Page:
2. What about my spring fertility? If you have had above average rainfall it is likely that you have lost some of the nutrients your turf otherwise would have utilized. But your strategy on how to deal with this should primarily be based on the grass that you are growing. Warm-season grasses will just now begin to respond to N fertility due to the more favorable environment. It is now appropriate to initiate N fertility programs that optimize growth and development characteristics of warm-season grasses. Cool-season grasses should have had their spring fertility needs already met by now and further N applications are discouraged until late summer/early fall.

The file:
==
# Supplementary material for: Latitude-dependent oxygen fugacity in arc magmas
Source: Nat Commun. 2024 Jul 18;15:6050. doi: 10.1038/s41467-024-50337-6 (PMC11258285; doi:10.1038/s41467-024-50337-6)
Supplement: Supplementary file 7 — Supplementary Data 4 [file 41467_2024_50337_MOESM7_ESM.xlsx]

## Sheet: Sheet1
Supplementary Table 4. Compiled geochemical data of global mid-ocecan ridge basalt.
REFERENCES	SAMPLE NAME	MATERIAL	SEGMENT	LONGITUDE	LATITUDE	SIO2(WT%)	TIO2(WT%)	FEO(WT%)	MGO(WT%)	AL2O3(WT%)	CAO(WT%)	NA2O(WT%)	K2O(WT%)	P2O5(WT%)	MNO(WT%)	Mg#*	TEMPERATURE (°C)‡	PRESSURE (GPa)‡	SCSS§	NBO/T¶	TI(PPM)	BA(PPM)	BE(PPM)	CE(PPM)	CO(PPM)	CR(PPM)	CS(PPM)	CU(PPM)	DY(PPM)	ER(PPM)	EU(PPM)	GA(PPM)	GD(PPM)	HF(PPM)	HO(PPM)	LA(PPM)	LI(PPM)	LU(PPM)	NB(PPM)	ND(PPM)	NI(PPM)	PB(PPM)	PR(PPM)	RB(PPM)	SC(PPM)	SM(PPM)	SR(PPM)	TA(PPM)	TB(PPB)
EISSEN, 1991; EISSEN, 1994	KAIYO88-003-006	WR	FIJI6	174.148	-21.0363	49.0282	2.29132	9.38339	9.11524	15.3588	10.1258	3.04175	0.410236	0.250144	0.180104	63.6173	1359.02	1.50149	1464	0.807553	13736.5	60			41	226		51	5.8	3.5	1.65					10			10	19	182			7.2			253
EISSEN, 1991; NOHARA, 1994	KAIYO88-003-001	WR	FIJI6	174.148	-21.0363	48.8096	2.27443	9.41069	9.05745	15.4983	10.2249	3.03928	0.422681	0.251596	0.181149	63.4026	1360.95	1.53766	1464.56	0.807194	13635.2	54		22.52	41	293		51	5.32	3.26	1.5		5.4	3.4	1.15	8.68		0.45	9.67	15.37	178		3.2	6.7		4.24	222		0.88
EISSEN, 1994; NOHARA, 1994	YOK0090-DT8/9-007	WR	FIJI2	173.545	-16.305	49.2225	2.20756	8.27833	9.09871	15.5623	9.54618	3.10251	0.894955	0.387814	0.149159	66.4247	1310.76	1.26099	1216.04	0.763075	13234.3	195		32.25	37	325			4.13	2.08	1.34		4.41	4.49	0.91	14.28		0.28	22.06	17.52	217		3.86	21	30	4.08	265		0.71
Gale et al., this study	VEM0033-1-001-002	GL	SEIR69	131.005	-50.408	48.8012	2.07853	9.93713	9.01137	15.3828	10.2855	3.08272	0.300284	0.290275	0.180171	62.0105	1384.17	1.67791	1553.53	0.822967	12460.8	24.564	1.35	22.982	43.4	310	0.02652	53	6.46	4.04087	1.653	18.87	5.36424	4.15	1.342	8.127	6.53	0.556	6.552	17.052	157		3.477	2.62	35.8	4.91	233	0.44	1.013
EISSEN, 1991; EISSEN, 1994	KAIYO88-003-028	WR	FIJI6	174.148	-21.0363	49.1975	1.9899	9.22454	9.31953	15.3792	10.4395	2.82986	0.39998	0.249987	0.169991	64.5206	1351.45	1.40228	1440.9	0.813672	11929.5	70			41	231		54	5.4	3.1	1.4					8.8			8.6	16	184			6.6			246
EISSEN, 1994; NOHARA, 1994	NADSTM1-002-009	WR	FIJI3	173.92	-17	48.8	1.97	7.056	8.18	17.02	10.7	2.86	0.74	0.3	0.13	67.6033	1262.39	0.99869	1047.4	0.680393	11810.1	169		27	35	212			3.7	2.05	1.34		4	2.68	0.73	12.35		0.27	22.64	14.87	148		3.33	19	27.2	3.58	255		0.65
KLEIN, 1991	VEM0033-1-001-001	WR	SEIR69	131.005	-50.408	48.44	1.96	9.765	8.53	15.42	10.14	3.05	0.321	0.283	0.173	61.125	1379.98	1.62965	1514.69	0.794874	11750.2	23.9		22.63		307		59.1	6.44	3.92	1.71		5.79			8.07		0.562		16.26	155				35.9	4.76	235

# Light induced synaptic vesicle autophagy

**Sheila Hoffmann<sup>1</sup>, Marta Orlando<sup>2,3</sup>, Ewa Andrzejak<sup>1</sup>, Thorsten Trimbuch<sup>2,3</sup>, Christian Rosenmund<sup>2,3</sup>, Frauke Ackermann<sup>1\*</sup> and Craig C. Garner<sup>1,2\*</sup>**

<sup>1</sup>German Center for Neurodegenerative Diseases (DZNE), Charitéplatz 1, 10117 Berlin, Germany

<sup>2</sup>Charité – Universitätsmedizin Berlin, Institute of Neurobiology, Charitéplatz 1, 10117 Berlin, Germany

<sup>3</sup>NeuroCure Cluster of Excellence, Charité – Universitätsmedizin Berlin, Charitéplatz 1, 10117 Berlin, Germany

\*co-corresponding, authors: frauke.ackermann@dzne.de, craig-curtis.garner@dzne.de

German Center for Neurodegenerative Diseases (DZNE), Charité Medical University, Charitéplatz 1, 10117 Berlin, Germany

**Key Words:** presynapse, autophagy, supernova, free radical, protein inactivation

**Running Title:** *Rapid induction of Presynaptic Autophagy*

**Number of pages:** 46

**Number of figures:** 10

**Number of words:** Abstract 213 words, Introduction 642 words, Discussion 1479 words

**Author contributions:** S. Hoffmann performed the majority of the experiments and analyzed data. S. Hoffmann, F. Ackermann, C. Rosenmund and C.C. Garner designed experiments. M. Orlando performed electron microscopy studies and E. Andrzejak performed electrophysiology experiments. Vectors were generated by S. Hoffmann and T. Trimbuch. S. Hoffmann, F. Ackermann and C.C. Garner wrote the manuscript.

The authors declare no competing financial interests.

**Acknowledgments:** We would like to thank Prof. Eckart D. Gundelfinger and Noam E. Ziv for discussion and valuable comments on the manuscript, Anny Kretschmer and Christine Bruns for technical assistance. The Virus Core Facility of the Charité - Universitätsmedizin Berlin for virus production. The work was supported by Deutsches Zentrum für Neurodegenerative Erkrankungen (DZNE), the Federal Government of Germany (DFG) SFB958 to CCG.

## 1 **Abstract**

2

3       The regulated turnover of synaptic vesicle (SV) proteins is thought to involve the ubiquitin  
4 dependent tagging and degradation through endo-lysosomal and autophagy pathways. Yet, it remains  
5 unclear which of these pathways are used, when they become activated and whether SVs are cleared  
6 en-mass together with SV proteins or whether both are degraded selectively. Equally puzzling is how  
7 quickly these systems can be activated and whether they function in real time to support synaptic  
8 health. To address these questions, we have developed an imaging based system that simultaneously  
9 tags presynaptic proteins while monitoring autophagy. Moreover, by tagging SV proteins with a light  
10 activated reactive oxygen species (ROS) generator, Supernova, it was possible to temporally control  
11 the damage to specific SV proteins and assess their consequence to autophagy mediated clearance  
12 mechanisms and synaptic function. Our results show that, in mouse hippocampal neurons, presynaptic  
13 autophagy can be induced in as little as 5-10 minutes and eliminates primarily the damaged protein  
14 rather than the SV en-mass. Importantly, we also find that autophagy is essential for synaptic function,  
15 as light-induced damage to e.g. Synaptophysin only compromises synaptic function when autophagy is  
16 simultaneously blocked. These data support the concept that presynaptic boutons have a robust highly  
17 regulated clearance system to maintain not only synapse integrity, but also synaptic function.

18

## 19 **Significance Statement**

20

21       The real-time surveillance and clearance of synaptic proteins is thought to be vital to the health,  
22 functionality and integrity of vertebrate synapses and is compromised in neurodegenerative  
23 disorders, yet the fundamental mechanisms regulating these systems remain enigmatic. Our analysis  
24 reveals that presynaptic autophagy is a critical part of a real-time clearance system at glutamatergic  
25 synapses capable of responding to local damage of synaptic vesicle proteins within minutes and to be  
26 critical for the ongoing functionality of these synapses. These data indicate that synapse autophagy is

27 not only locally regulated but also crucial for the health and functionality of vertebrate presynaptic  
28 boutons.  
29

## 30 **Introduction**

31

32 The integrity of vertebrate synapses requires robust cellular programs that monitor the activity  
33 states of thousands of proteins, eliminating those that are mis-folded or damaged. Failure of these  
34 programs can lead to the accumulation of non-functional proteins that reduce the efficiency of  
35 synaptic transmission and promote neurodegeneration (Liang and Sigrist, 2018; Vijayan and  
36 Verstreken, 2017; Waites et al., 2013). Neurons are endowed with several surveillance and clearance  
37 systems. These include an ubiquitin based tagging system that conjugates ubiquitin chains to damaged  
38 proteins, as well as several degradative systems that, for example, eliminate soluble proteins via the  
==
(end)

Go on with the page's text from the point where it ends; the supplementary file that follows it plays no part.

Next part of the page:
3. Winter overseedings of ryegrasses are transitioning out VERY SLOWLY. Is this good or bad? It depends on your perspective. There is some beautiful overseeded grass around the state, but for as great as this particular grass looks, you can bet that the bermudagrass is struggling that much more. What has already been a slow year for bermudagrass is further compounded by the competition from the overseeding grass that has thrived in these cooler than average temperatures. On the campus of Virginia Tech we have witnessed a very much unexpected lack of control of the perennial ryegrass overseeding on Worsham Field with one of our best chemical transition tools. Even though RevolverŠ (foramsulfuron) was applied at the maximum label rate just before graduation exercises in mid-May, the ryegrass was not controlled as of the first of June. Dr. Askew has recommended a repeat application of Revolver for ryegrass control and anticipates with the current warm temperatures that control won't be an issue this time. However, the repeat application has delayed Athletic Facilities' Manager Casey Underwood's planned sprigging dates to aid the bermudagrass recovery in heavily worn areas of the field (there is a 2-week window between Revolver application and sprigging). Any others had similar problems/concerns with chemical transition of overseeding turf this year?